John Bunion (J. B.) Murray (1908-1988) was a farmer who lived in rural Glascock County, Georgia, near the community of Mitchel. When he was approximately seventy years of age, believing he had experienced a vision from God, he began writing a non discursive script on adding machine tape, wall board, and stationery. He described it as “the language of the Holy Spirit, direct from God” and interpreted it using a bottle of water as a focusing device. In the last ten years of his life he made over a thousand paintings, introducing the script into fields of color and adding figures that represent “the evil people; the ones that are dry tongued, the one’s that don’t know God”.

Images and text from Calvin-Morris Gallery and Folkstreams Film.

What Is Curatorial Activism? by Maura Riley

Oooooooooooo Maura Riley!! this posted a year ago, but it’s so good and deserves attention.

adapted from Curatorial Activism: Towards an Ethics of Curating, by Maura Reilly (to be published April 2018 by Thames & Hudson). ©2018 Maura Reilly. 

“These curators have committed themselves to insurrectionist initiatives that are leveling hierarchies, challenging assumptions, countering erasure, promoting the margins over the center, the minority over the majority, as well as positing curatorial “strategies of resistance,” provoking intelligent debate, disseminating new knowledge, which, in the end, offers up signs of hope and affirmation.”
and this:
“Theirs is not Affirmative Action curating, it’s intelligent curating.”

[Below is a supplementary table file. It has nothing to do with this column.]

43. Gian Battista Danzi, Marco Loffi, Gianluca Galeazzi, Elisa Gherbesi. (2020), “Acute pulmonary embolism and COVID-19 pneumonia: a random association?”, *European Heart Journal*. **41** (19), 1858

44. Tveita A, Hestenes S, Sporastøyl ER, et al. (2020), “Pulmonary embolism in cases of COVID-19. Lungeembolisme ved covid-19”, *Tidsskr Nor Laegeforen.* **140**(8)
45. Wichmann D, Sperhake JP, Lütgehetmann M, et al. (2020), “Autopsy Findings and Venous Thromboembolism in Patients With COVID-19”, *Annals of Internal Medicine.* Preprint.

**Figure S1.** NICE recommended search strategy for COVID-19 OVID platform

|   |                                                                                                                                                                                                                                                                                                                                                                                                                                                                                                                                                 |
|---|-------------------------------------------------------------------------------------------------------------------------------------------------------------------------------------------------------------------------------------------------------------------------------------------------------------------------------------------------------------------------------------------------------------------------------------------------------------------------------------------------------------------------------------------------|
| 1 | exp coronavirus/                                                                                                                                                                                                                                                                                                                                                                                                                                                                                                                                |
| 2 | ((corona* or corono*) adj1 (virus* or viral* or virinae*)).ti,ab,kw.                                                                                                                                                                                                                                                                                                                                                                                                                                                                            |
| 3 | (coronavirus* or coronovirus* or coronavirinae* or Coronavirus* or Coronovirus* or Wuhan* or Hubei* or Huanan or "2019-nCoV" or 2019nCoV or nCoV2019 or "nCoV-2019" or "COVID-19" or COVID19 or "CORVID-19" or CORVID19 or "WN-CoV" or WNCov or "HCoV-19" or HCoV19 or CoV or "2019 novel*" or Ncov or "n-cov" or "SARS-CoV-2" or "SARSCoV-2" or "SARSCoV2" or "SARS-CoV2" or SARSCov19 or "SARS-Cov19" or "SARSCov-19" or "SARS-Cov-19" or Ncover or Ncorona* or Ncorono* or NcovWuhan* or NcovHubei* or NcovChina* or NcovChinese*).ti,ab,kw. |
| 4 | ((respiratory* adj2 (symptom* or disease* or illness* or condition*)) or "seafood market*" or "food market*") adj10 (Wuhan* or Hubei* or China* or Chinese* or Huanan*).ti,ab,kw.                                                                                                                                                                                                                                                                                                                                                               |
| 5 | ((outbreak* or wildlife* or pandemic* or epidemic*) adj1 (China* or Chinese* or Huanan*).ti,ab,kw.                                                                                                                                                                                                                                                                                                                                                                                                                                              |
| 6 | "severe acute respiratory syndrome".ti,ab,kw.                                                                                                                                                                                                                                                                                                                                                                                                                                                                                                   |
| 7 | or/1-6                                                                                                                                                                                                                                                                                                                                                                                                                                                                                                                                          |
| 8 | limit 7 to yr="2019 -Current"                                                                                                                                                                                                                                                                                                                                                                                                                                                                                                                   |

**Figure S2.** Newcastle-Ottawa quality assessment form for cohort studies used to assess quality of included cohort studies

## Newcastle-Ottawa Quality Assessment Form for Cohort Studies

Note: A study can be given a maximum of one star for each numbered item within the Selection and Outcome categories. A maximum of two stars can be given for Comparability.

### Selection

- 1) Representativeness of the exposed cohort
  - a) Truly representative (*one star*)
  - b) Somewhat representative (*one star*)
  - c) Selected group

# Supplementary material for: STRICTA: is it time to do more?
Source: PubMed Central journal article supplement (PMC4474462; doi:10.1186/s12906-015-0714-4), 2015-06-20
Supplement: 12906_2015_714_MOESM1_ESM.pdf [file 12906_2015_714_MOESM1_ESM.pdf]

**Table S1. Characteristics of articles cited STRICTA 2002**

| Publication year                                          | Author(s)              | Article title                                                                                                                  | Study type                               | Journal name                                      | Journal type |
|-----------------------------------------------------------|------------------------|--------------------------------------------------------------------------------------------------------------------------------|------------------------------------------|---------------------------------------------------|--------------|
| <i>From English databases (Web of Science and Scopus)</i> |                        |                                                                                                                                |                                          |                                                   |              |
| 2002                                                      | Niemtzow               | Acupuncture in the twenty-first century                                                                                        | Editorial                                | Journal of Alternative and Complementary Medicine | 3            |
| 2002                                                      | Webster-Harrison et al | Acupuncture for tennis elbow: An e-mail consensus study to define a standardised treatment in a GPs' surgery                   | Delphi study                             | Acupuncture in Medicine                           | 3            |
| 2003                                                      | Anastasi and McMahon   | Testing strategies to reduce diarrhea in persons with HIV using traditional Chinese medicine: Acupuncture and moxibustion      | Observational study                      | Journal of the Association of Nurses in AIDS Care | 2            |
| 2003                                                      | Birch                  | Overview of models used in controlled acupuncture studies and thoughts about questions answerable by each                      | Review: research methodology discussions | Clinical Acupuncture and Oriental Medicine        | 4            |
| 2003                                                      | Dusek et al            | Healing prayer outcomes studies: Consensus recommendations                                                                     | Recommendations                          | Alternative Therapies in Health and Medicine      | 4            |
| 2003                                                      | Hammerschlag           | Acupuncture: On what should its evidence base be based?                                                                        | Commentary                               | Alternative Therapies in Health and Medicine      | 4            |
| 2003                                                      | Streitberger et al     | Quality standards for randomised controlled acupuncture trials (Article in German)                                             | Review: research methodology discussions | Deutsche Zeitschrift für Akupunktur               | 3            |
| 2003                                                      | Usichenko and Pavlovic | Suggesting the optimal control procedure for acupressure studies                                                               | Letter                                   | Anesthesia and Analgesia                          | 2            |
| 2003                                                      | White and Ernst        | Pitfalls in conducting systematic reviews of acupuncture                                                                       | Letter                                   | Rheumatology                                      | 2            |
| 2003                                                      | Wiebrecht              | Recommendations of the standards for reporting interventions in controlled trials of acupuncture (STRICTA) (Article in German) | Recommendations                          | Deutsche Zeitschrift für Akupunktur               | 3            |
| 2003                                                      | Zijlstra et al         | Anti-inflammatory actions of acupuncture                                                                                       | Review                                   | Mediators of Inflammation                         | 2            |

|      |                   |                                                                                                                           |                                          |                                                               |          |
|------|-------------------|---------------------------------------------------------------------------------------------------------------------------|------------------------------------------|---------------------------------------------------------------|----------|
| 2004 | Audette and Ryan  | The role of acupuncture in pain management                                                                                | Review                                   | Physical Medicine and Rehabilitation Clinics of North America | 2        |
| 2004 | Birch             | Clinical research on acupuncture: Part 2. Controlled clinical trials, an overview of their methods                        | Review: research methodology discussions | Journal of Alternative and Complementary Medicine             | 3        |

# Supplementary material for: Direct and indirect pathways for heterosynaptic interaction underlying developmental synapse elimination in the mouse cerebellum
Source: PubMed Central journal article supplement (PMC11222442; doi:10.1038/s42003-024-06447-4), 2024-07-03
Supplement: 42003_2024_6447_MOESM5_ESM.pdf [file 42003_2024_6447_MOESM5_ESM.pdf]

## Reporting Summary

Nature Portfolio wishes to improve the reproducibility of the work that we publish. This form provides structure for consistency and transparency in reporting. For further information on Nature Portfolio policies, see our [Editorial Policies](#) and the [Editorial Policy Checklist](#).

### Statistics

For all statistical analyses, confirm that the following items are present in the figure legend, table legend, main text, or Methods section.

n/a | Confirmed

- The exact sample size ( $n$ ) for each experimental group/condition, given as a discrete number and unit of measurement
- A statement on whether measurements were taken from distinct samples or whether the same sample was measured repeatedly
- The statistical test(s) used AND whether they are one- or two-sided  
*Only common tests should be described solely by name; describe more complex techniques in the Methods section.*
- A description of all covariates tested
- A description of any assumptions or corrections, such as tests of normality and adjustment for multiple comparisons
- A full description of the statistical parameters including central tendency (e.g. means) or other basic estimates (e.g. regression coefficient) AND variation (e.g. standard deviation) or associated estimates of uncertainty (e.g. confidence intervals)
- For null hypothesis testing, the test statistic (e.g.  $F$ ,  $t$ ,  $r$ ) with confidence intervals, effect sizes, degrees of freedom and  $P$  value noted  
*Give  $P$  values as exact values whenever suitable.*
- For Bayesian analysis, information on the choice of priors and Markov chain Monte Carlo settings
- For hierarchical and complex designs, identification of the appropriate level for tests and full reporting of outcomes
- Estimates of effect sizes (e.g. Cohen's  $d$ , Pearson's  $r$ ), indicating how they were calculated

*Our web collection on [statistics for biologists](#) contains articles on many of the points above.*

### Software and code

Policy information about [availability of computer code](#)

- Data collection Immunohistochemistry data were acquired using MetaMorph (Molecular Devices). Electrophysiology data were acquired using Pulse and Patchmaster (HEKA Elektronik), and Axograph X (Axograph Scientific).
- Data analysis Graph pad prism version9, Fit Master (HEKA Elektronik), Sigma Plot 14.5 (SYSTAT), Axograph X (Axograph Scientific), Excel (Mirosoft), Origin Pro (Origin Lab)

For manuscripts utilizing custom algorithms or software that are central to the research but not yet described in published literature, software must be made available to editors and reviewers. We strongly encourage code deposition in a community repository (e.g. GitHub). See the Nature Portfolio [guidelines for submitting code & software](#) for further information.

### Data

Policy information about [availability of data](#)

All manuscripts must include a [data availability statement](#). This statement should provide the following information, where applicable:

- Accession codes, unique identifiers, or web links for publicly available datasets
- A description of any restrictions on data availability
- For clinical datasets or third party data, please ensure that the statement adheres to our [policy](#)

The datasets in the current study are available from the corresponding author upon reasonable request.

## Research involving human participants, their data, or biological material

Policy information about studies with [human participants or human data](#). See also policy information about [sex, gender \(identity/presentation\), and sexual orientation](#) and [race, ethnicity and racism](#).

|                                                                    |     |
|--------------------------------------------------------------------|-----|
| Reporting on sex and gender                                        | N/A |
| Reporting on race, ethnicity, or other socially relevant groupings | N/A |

and THIS:
“If you don’t believe that the art world is sexist and racist, it’s time for you to come out from under your rock….These are not issues from the past, folks. This is now. We are living and working in an art world that cares little about racism and sexism, a world that appears to pre-date the women’s/civil and LGBTQ rights movements.”
Read in full here.
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Sculptures by Huma Bhabha, paintings by Ellen Gallagher to the sides, Emily Kame Kngwarreye in back, in the 56th Venice Biennale’s central exhibition, “All the World’s Futures,” 2015, curated by Okwui Enwezor.


Yooooooooooo… Why am I just now learning bout this!!! — Animism

Animism (from Latin anima “soul, life”) refers to the belief that non-human entities are spiritual beings, or at least embody some kind of life-principle.

Animism encompasses the beliefs that there is no separation between the spiritual and physical (or material) worlds, and souls or spirits exist, not only in humans, but also in all other animals, plants, rocks, natural phenomena such as thunder, geographic features such as mountains or rivers, or other entities of the natural environment. Animism may further attribute souls to abstract concepts such as words, true names, or metaphors in mythology. Animism is particularly widely found in the religions of indigenous peoples, including Shinto, and some forms of Hinduism, Buddhism, Pantheism,Paganism, and Neopaganism.